Lakes, streams, and of course the river afford kayakers, canoeists, and recreational boaters an abundance of publicly accessible facilities in all parts of the Schuylkill River Heritage Area. In this section you'll find information about where you can paddle legally and safely, important safety and access information for river paddlers, water level and quality in the river, resources for further information, and clubs and organizations you can join.
About our New Schuylkill River Water Trail Guide
Below you can find online Water Trail Maps. However, these are older maps that are not comprehensive. In December 2016 we published a brand new Water Trail Guide with pull out maps and extensive up-to-date information on landings, rapids, cautions and much more. Click here to learn more or purchase a copy.
WHERE TO PADDLE
In addition to the Schuylkill River, there are numerous facilities across the Heritage Area that provide access to lakes. French Creek, Tuscarora, and Locust Lake State Parks have lakes of varying sizes for flatwater paddling. Canoes, rowboats, and pedalboats can be rented at these facilities. Blue Marsh Recreation Area is a favorite flat water boating facility in the Western Berks region.
For those seeking a little more movement, several of the river's tributaries are navigable seasonally. Please note that the tributaries can be narrow, fast moving and more challenging than the river itself. These sections are recommended for experienced paddlers only. Many of the tributaries lack public access points. Please do no trespass on private property while putting in or taking out. SRHA advises you to access the river and its tributaries only at marked locations.
The Little Schuylkill and the West Branch in Schuylkill County are navigable during the spring. Both feature public access points and are part of the Schuylkill River Water Trail. Tulpehocken Creek below Blue Marsh Dam is navigable with public access areas. Take out locations are under development in the City of Reading.
THE SCHUYLKILL RIVER WATER TRAIL
Paddling the Schuylkill River can be a fun way to exercise and enjoy the outdoors. Public access points to the Schuylkill are marked as stops on the Schuylkill River Water Trail. These locations are publicly owned and maintained and meet Pennsylvania Fish and Boat Commission standards. Look for the oval medallion at these launch points. The river can be shallow and rocky at spots, so please be sure to check the water levels in the area you wish to paddle before putting in. Also, please note that there are several dams on the Schuylkill, and paddlers are required by law to portage around these dams. Portages can be lengthy in unimproved locations.
To gauge how much time it takes to paddle from one landing to the other, consult the water trail map to calculate the river miles from point A to B. Typically 4 river miles will take a little more than an hour under normal flow conditions. Or, visually gauge the speed of the river. The average person walks at 3 miles per hour. Is the river moving slower or faster than you can walk?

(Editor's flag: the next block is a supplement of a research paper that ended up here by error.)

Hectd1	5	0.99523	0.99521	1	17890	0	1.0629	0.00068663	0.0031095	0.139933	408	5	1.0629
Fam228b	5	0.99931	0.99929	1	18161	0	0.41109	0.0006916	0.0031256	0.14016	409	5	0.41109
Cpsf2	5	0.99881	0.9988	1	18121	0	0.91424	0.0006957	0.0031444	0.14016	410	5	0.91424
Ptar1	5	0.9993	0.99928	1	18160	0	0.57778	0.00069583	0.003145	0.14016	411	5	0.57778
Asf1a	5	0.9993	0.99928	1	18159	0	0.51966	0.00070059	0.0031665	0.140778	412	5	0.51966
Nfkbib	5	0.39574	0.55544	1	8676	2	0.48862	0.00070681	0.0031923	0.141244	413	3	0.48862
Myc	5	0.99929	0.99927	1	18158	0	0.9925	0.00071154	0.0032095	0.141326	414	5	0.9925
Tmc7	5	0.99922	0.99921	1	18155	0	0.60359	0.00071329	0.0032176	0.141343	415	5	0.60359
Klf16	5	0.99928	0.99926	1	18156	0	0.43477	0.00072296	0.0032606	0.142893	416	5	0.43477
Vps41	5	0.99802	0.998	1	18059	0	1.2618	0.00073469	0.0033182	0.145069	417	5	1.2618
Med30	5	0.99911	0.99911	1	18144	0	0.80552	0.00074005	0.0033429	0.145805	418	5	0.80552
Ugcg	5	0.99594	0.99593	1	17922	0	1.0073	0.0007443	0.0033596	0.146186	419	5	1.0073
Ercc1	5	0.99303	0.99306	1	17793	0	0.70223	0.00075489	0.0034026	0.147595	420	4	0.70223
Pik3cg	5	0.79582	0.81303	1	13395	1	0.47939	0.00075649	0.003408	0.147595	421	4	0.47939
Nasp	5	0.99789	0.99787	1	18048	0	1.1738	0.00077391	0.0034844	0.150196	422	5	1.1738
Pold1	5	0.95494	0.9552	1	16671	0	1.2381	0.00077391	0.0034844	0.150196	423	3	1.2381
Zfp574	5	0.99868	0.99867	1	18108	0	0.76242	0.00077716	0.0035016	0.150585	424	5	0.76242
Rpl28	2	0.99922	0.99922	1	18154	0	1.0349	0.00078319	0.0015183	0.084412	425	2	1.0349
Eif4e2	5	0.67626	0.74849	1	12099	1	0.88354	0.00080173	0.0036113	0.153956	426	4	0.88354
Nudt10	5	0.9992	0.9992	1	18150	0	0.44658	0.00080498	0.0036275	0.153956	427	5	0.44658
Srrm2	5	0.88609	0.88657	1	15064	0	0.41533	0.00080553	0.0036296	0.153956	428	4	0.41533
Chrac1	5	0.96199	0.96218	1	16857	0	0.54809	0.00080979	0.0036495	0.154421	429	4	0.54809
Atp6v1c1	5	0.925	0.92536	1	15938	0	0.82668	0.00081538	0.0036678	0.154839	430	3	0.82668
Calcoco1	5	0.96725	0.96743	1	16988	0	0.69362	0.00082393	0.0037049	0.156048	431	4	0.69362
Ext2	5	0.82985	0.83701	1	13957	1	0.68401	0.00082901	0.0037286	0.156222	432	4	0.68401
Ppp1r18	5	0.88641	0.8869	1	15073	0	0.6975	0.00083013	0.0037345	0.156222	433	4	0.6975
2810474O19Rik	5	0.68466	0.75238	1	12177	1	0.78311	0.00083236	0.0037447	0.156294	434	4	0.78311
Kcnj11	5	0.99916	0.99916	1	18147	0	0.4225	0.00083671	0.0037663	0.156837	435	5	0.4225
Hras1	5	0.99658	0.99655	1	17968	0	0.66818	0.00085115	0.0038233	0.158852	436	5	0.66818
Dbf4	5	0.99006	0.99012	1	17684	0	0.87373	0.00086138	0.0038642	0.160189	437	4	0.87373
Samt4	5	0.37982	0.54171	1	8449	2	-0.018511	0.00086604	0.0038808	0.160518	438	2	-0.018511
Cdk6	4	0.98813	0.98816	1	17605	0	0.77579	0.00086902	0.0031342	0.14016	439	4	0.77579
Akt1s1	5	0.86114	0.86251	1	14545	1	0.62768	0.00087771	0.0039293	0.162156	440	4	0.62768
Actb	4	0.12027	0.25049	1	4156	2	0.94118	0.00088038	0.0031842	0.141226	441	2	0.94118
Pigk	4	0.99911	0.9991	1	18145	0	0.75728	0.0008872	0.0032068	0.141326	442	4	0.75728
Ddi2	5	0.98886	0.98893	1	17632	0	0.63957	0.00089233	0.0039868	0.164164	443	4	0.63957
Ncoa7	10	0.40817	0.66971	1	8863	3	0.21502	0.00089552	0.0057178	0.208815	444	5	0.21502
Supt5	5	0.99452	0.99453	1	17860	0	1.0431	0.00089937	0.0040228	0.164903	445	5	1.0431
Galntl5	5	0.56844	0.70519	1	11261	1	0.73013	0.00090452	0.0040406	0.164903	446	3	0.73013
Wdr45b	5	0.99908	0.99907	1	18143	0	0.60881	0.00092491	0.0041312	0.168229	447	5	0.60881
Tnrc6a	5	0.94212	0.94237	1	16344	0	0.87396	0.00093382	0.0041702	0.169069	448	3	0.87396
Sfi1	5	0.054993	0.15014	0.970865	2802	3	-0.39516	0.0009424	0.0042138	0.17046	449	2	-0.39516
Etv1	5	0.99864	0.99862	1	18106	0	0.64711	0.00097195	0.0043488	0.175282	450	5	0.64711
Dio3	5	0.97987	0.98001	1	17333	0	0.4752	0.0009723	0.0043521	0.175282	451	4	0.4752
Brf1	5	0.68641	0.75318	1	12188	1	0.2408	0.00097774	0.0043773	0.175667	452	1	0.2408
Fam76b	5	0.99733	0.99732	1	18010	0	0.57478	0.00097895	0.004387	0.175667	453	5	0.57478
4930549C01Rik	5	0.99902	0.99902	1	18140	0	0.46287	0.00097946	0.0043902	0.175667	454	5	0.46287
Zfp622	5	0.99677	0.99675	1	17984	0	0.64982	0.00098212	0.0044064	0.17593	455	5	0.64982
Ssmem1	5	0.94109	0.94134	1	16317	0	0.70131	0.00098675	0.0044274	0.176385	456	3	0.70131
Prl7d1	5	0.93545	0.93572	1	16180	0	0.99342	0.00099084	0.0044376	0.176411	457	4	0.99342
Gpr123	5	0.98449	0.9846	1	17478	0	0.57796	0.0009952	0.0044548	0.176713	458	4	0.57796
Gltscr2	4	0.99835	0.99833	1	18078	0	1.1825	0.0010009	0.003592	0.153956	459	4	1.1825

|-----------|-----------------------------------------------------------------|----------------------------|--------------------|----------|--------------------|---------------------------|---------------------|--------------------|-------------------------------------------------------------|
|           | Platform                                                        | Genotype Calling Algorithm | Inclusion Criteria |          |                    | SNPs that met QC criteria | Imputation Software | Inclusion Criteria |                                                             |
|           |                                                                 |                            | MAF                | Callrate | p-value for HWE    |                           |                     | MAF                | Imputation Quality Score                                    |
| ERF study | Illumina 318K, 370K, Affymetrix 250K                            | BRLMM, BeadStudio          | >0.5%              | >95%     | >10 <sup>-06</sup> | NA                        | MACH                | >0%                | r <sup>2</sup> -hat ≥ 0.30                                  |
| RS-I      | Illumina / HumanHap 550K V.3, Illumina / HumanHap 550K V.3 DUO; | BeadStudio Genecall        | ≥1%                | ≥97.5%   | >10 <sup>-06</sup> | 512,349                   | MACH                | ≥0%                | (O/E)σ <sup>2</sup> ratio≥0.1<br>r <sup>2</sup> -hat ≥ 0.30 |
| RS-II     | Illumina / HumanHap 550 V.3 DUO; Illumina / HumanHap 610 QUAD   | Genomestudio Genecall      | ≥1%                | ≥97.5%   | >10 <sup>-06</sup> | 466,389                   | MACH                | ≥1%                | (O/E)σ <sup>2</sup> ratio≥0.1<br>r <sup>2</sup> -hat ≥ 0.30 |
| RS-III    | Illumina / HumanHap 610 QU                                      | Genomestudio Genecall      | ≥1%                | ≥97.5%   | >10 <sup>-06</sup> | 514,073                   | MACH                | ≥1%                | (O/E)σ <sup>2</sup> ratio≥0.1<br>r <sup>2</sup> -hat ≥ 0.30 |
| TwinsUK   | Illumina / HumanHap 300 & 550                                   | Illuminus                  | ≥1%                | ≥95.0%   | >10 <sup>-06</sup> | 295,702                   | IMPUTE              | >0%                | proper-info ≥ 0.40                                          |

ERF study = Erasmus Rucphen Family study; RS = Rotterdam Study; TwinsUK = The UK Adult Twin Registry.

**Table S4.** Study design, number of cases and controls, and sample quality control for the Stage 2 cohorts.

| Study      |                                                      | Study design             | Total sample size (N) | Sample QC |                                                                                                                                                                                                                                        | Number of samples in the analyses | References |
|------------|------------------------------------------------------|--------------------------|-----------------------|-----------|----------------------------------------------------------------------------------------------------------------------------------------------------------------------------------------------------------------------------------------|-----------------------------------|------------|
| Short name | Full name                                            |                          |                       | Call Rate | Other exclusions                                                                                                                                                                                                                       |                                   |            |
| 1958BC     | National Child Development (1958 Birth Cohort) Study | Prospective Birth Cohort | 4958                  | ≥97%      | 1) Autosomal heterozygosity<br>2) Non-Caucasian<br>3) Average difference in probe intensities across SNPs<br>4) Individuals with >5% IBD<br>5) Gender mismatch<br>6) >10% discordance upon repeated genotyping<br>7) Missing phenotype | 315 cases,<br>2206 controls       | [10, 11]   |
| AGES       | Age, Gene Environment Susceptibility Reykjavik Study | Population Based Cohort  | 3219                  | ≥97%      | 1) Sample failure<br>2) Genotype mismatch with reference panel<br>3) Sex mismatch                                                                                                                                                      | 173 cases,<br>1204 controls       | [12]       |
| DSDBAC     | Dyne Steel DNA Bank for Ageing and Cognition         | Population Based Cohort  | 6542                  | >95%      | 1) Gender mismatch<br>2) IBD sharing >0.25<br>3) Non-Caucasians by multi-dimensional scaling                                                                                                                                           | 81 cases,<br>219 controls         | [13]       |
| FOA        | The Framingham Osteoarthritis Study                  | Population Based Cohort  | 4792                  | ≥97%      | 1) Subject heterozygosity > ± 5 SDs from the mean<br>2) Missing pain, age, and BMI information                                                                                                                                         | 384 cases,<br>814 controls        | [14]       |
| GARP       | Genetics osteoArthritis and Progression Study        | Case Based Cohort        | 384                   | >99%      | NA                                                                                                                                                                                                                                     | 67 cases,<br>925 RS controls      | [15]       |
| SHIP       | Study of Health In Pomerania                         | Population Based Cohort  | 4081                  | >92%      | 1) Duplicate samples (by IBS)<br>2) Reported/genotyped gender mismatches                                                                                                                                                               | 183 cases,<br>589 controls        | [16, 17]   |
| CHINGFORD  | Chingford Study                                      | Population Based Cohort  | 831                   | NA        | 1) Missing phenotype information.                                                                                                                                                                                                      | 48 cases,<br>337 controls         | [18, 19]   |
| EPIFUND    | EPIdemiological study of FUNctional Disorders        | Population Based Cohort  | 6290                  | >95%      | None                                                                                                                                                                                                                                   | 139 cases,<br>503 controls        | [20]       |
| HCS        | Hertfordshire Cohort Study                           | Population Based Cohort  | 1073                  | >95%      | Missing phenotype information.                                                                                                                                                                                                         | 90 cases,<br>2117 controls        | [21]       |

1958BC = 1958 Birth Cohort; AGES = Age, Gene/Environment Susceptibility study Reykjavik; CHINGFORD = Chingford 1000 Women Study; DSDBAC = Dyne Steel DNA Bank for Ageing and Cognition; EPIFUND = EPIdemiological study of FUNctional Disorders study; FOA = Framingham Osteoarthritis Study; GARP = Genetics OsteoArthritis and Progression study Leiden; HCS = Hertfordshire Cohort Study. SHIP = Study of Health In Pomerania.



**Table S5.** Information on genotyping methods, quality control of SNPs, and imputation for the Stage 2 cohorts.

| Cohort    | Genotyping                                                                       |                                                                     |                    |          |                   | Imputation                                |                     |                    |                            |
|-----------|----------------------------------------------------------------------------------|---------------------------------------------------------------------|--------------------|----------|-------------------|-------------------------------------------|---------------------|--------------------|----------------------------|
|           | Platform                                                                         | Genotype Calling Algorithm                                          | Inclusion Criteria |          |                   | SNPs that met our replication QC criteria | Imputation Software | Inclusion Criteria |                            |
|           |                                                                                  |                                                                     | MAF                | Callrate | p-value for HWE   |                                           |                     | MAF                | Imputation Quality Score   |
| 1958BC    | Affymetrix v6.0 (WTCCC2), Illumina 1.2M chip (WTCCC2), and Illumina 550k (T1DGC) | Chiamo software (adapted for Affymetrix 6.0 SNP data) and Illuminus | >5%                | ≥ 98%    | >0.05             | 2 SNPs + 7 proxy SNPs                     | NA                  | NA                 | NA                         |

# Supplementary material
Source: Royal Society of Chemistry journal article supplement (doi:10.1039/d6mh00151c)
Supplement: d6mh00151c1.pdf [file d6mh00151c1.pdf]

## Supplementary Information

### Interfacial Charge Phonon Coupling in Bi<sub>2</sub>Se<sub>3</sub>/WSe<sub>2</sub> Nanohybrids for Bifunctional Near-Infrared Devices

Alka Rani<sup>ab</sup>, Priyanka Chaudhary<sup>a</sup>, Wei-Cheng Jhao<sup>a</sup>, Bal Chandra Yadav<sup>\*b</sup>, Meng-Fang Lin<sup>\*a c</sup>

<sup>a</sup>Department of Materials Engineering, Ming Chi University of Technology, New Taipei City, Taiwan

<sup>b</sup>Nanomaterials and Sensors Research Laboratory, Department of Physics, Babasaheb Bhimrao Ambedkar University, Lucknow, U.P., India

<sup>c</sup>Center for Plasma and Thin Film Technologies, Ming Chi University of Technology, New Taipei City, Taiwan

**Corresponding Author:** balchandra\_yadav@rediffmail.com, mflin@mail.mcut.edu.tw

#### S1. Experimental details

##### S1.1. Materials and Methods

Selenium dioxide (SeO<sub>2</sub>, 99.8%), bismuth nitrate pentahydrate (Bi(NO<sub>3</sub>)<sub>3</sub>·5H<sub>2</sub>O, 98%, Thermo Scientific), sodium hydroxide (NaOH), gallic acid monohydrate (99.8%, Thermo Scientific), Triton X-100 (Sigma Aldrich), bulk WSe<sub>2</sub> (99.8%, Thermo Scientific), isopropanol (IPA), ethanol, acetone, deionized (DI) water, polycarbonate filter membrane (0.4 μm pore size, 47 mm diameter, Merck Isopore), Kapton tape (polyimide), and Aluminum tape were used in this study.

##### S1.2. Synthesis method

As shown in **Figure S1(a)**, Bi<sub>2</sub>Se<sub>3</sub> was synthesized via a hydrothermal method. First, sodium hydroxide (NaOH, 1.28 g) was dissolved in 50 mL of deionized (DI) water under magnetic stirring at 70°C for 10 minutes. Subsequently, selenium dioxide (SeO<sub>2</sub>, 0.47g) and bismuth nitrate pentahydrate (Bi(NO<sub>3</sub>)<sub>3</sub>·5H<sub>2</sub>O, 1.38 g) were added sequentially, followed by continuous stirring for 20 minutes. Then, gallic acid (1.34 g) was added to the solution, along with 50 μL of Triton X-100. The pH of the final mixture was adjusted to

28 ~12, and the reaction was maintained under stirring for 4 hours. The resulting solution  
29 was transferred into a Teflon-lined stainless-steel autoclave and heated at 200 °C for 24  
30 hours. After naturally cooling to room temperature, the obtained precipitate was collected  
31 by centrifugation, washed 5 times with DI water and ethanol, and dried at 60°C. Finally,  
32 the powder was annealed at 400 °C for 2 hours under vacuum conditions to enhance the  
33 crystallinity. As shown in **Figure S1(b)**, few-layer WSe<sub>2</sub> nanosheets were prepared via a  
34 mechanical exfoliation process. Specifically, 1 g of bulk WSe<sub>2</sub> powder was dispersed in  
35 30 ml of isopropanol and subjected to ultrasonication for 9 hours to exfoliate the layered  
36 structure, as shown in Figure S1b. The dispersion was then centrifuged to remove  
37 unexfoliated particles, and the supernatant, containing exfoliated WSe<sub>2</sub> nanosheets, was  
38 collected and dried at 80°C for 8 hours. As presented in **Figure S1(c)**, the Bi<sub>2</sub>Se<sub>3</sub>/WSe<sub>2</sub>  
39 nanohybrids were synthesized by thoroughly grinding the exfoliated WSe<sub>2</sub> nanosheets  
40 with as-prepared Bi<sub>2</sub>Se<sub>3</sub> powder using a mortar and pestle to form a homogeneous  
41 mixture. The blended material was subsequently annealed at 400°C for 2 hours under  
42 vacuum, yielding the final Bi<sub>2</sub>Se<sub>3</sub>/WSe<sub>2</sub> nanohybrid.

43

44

Water Trail Maps
Online Maps. These maps are pdfs from an earlier publication. We now have a new guide available for purchase.
Click here for information on our new "A Paddler's Guide to the Schuylkill River Water Trail," published December 2016.
Updates for Online Maps. Most of the changes involve landings and dams.
STAYING SAFE ON THE WATER
Rivers, streams, and lakes can present unexpected challenges to recreationalists. For a safe and enjoyable experience, it is important that you remember these basic rules and guidelines;
- Always wear a Personal Floatation Device (PFD) approved by the U.S. Coast Guard and make sure it is secured properly.
- Be sure you have the proper equipment and know how to use it
- Check the weather and water levels before getting on the water.
- Never paddle alone, and leave a float plan with a friend or family
- Carry a whistle and use it if you are in distress.
- Cell phones may not work in the remote sections of the upper Schuylkill
The American Canoe Association provides paddlers with a lot of useful information about safety on the water. Read the ACA's Top 10 Safety Tips.
What Kind of Equipment will you need?
There are a variety of canoes and kayaks available at major outfitters and sports centers. It's just a matter of finding the one that's right for you. Consult with the sales staff at these locations about your options.
When on the water, proper accessories and clothing are important . Again, outfitters are the best source for your equipment needs, as it varies according to the type of craft you buy.